Shadowing involves the facilitator attentively observing the dynamics, communication, and processes of the team during their meeting. The purpose here is not for the facilitator to learn a specific role or task, but rather to gain insights into how the team functions as a unit. This includes understanding the team's interaction patterns, the distribution of speaking time among members, decision-making processes, and how effectively the team is working towards its goals. The facilitator, by shadowing in this manner, can identify areas of strength, as well as potential challenges or areas for improvement within the team's collaboration and communication. These observations can then be used to provide targeted feedback, recommendations, or interventions to enhance the team's performance and overall effectiveness.
Observations - the Goodies
Team members were punctual, demonstrating commitment.
Significant potential for individual engagement is evident, as indicated by comments from two team members.
The scope of work is broadly understood.
Observations - Potential Improvements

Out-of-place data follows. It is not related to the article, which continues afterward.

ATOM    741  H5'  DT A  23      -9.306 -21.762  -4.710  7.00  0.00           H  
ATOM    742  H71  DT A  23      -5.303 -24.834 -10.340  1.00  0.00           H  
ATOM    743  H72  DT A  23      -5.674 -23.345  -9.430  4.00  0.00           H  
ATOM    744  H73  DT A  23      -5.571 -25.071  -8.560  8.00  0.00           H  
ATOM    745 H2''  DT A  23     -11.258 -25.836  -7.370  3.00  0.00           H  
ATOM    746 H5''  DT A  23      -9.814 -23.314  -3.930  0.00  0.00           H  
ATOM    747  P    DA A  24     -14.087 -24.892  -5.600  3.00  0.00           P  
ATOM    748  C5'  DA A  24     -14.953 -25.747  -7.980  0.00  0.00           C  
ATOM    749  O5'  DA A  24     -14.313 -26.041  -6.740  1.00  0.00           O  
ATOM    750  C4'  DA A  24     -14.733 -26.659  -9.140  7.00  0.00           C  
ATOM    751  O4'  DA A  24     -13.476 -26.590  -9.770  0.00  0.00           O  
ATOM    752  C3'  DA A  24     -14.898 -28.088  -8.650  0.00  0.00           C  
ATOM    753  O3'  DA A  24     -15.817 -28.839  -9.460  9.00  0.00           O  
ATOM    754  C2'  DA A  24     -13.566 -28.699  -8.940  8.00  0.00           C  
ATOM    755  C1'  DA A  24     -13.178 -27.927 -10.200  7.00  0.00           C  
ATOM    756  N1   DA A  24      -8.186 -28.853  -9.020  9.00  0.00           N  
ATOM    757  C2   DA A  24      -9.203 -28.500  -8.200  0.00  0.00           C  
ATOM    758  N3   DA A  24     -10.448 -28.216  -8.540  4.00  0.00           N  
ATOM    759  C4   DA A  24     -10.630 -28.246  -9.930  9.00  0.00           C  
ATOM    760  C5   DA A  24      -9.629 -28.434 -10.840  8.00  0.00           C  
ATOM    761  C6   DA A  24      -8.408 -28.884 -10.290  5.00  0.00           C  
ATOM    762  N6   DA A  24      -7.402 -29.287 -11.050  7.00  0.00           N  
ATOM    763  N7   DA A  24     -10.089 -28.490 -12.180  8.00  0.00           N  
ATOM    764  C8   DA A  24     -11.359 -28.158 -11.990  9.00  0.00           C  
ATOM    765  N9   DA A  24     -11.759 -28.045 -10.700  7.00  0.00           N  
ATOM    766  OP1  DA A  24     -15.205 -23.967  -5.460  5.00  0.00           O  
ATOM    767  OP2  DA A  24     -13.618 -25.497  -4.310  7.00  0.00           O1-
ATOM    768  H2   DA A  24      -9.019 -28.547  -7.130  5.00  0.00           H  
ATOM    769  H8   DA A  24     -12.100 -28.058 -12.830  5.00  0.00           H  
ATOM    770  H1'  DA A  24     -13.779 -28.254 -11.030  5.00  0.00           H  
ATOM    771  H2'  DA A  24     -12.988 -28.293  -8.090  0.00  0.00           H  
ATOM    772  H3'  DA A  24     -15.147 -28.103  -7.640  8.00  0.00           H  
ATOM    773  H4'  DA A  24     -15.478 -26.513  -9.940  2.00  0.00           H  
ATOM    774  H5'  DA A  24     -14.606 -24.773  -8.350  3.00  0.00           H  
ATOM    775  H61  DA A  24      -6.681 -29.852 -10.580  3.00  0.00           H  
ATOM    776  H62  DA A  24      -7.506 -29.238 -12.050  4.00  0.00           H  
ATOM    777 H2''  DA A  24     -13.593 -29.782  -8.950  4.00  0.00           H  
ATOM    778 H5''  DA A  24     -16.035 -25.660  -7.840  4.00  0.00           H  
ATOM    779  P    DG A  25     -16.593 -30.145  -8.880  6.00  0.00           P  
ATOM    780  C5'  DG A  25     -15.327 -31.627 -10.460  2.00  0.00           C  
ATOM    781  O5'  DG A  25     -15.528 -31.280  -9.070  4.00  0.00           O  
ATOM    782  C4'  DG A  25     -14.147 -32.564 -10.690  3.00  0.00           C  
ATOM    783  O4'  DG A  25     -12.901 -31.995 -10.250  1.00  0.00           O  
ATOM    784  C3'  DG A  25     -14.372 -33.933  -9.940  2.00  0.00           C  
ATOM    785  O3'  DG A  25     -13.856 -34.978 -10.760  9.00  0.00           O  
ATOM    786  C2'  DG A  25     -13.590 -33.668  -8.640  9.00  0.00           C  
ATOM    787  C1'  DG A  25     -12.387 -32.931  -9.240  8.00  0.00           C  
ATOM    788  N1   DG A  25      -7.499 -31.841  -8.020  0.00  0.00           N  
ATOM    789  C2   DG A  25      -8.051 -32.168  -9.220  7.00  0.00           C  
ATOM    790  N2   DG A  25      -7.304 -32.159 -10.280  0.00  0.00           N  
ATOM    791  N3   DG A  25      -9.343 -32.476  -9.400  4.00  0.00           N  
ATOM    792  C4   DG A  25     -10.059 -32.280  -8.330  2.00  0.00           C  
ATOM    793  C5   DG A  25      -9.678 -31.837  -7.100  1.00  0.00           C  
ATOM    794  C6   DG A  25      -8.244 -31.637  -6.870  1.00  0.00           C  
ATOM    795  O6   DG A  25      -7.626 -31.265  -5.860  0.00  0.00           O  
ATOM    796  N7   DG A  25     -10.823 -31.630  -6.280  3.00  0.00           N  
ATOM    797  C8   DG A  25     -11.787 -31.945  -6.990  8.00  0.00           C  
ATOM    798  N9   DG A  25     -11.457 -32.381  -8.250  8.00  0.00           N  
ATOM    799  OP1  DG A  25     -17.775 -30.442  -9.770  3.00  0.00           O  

The todo list view is employed instead of the Kanban view, possibly leading to an insufficient sense of progress across tasks.
A specific project label is used to mark tasks, causing confusion as these blend with other tasks in the todo list view.
The team leader occupies 60-70% of the discussion time, suggesting limited inclusion of other team members.
Three team members have minimal engagement in discussions (less than 5% talk time).
Two team members dominate the conversation.
The leader appears to preemptively address issues for team members, potentially reducing their empowerment.
For example, the leader interjects about known issues or assumed blockers for specific members.
The team leader assigns tasks directly and creates new tasks during meetings, leading to an ever-growing list of tasks.
The leader mentions tasks that are "ready to take," but these are not distinctly marked, making it challenging for team members to identify new tasks they can start.
The objective of the meeting was unclear, lacking a structured approach to discussing current and potential work.
Implement a Lightning Round to encourage all team members to share their progress, reducing the focus on the leader.
Set up individual filters and rotate them during the lightning round to focus on each person’s work.
Each team member should briefly report on their current work, upcoming tasks, and any blockers.
Introduce a discussion round post-Lightning Round to facilitate structured conversations.
Adopt the Kanban View for better visibility of progress and to potentially encourage collaborative problem-solving.
Clearly label tasks that are ready for development to guide team members in selecting their next tasks.
Use a specific project label in GitHub for better task filtering, avoiding mix-up with other projects.
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